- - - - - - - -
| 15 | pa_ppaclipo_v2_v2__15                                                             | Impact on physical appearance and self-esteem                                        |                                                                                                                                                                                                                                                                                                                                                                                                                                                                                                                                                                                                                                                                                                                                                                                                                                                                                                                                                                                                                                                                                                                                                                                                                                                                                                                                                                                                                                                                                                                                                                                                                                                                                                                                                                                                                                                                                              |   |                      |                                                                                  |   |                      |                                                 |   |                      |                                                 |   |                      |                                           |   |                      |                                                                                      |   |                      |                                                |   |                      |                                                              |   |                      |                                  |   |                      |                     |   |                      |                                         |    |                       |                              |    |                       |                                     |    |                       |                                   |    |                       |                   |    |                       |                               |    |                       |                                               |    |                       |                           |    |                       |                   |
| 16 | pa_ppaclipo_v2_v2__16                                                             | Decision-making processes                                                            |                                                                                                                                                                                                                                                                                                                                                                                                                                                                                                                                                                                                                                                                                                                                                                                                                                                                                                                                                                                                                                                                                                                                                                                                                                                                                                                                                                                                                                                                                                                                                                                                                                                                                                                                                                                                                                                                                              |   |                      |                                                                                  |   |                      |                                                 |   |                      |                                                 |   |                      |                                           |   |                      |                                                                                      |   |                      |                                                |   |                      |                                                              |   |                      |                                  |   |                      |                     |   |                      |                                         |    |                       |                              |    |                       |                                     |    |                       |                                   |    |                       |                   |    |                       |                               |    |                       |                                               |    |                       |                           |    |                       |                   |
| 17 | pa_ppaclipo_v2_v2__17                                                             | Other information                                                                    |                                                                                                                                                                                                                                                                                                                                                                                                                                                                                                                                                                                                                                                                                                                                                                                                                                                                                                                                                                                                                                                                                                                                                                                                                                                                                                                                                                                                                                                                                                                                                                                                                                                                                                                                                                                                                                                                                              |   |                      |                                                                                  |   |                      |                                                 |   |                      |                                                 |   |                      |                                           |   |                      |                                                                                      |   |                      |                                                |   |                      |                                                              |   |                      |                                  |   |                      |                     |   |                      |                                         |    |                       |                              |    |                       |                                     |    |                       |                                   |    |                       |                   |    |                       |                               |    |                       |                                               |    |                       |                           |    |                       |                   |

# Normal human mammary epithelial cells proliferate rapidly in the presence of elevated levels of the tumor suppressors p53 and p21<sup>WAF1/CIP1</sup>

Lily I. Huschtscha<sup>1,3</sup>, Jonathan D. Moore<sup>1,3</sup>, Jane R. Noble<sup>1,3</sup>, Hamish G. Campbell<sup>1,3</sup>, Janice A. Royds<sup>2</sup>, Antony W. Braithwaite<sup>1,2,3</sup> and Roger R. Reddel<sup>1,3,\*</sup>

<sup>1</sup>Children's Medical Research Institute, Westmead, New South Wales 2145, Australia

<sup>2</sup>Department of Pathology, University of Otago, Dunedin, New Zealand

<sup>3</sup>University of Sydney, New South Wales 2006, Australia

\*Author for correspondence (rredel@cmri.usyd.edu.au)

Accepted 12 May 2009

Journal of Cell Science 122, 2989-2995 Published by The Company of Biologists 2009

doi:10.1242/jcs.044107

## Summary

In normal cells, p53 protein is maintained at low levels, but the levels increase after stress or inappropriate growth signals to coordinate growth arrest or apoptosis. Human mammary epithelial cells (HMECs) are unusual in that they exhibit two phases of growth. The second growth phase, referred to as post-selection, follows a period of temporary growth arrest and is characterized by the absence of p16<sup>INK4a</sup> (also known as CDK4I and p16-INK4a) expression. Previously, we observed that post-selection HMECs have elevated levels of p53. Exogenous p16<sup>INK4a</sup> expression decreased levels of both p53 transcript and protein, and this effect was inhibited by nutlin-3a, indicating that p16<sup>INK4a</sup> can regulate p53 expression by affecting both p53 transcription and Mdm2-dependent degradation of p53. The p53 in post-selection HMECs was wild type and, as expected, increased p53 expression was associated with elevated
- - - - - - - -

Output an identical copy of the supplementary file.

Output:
| 15 | pa_ppaclipo_v2_v2__15                                                             | Impact on physical appearance and self-esteem                                        |                                                                                                                                                                                                                                                                                                                                                                                                                                                                                                                                                                                                                                                                                                                                                                                                                                                                                                                                                                                                                                                                                                                                                                                                                                                                                                                                                                                                                                                                                                                                                                                                                                                                                                                                                                                                                                                                                              |   |                      |                                                                                  |   |                      |                                                 |   |                      |                                                 |   |                      |                                           |   |                      |                                                                                      |   |                      |                                                |   |                      |                                                              |   |                      |                                  |   |                      |                     |   |                      |                                         |    |                       |                              |    |                       |                                     |    |                       |                                   |    |                       |                   |    |                       |                               |    |                       |                                               |    |                       |                           |    |                       |                   |
| 16 | pa_ppaclipo_v2_v2__16                                                             | Decision-making processes                                                            |                                                                                                                                                                                                                                                                                                                                                                                                                                                                                                                                                                                                                                                                                                                                                                                                                                                                                                                                                                                                                                                                                                                                                                                                                                                                                                                                                                                                                                                                                                                                                                                                                                                                                                                                                                                                                                                                                              |   |                      |                                                                                  |   |                      |                                                 |   |                      |                                                 |   |                      |                                           |   |                      |                                                                                      |   |                      |                                                |   |                      |                                                              |   |                      |                                  |   |                      |                     |   |                      |                                         |    |                       |                              |    |                       |                                     |    |                       |                                   |    |                       |                   |    |                       |                               |    |                       |                                               |    |                       |                           |    |                       |                   |
| 17 | pa_ppaclipo_v2_v2__17                                                             | Other information                                                                    |                                                                                                                                                                                                                                                                                                                                                                                                                                                                                                                                                                                                                                                                                                                                                                                                                                                                                                                                                                                                                                                                                                                                                                                                                                                                                                                                                                                                                                                                                                                                                                                                                                                                                                                                                                                                                                                                                              |   |                      |                                                                                  |   |                      |                                                 |   |                      |                                                 |   |                      |                                           |   |                      |                                                                                      |   |                      |                                                |   |                      |                                                              |   |                      |                                  |   |                      |                     |   |                      |                                         |    |                       |                              |    |                       |                                     |    |                       |                                   |    |                       |                   |    |                       |                               |    |                       |                                               |    |                       |                           |    |                       |                   |

# Normal human mammary epithelial cells proliferate rapidly in the presence of elevated levels of the tumor suppressors p53 and p21<sup>WAF1/CIP1</sup>

Lily I. Huschtscha<sup>1,3</sup>, Jonathan D. Moore<sup>1,3</sup>, Jane R. Noble<sup>1,3</sup>, Hamish G. Campbell<sup>1,3</sup>, Janice A. Royds<sup>2</sup>, Antony W. Braithwaite<sup>1,2,3</sup> and Roger R. Reddel<sup>1,3,\*</sup>

<sup>1</sup>Children's Medical Research Institute, Westmead, New South Wales 2145, Australia

<sup>2</sup>Department of Pathology, University of Otago, Dunedin, New Zealand

<sup>3</sup>University of Sydney, New South Wales 2006, Australia

\*Author for correspondence (rredel@cmri.usyd.edu.au)

Accepted 12 May 2009

Journal of Cell Science 122, 2989-2995 Published by The Company of Biologists 2009

doi:10.1242/jcs.044107

## Summary

In normal cells, p53 protein is maintained at low levels, but the levels increase after stress or inappropriate growth signals to coordinate growth arrest or apoptosis. Human mammary epithelial cells (HMECs) are unusual in that they exhibit two phases of growth. The second growth phase, referred to as post-selection, follows a period of temporary growth arrest and is characterized by the absence of p16<sup>INK4a</sup> (also known as CDK4I and p16-INK4a) expression. Previously, we observed that post-selection HMECs have elevated levels of p53. Exogenous p16<sup>INK4a</sup> expression decreased levels of both p53 transcript and protein, and this effect was inhibited by nutlin-3a, indicating that p16<sup>INK4a</sup> can regulate p53 expression by affecting both p53 transcription and Mdm2-dependent degradation of p53. The p53 in post-selection HMECs was wild type and, as expected, increased p53 expression was associated with elevated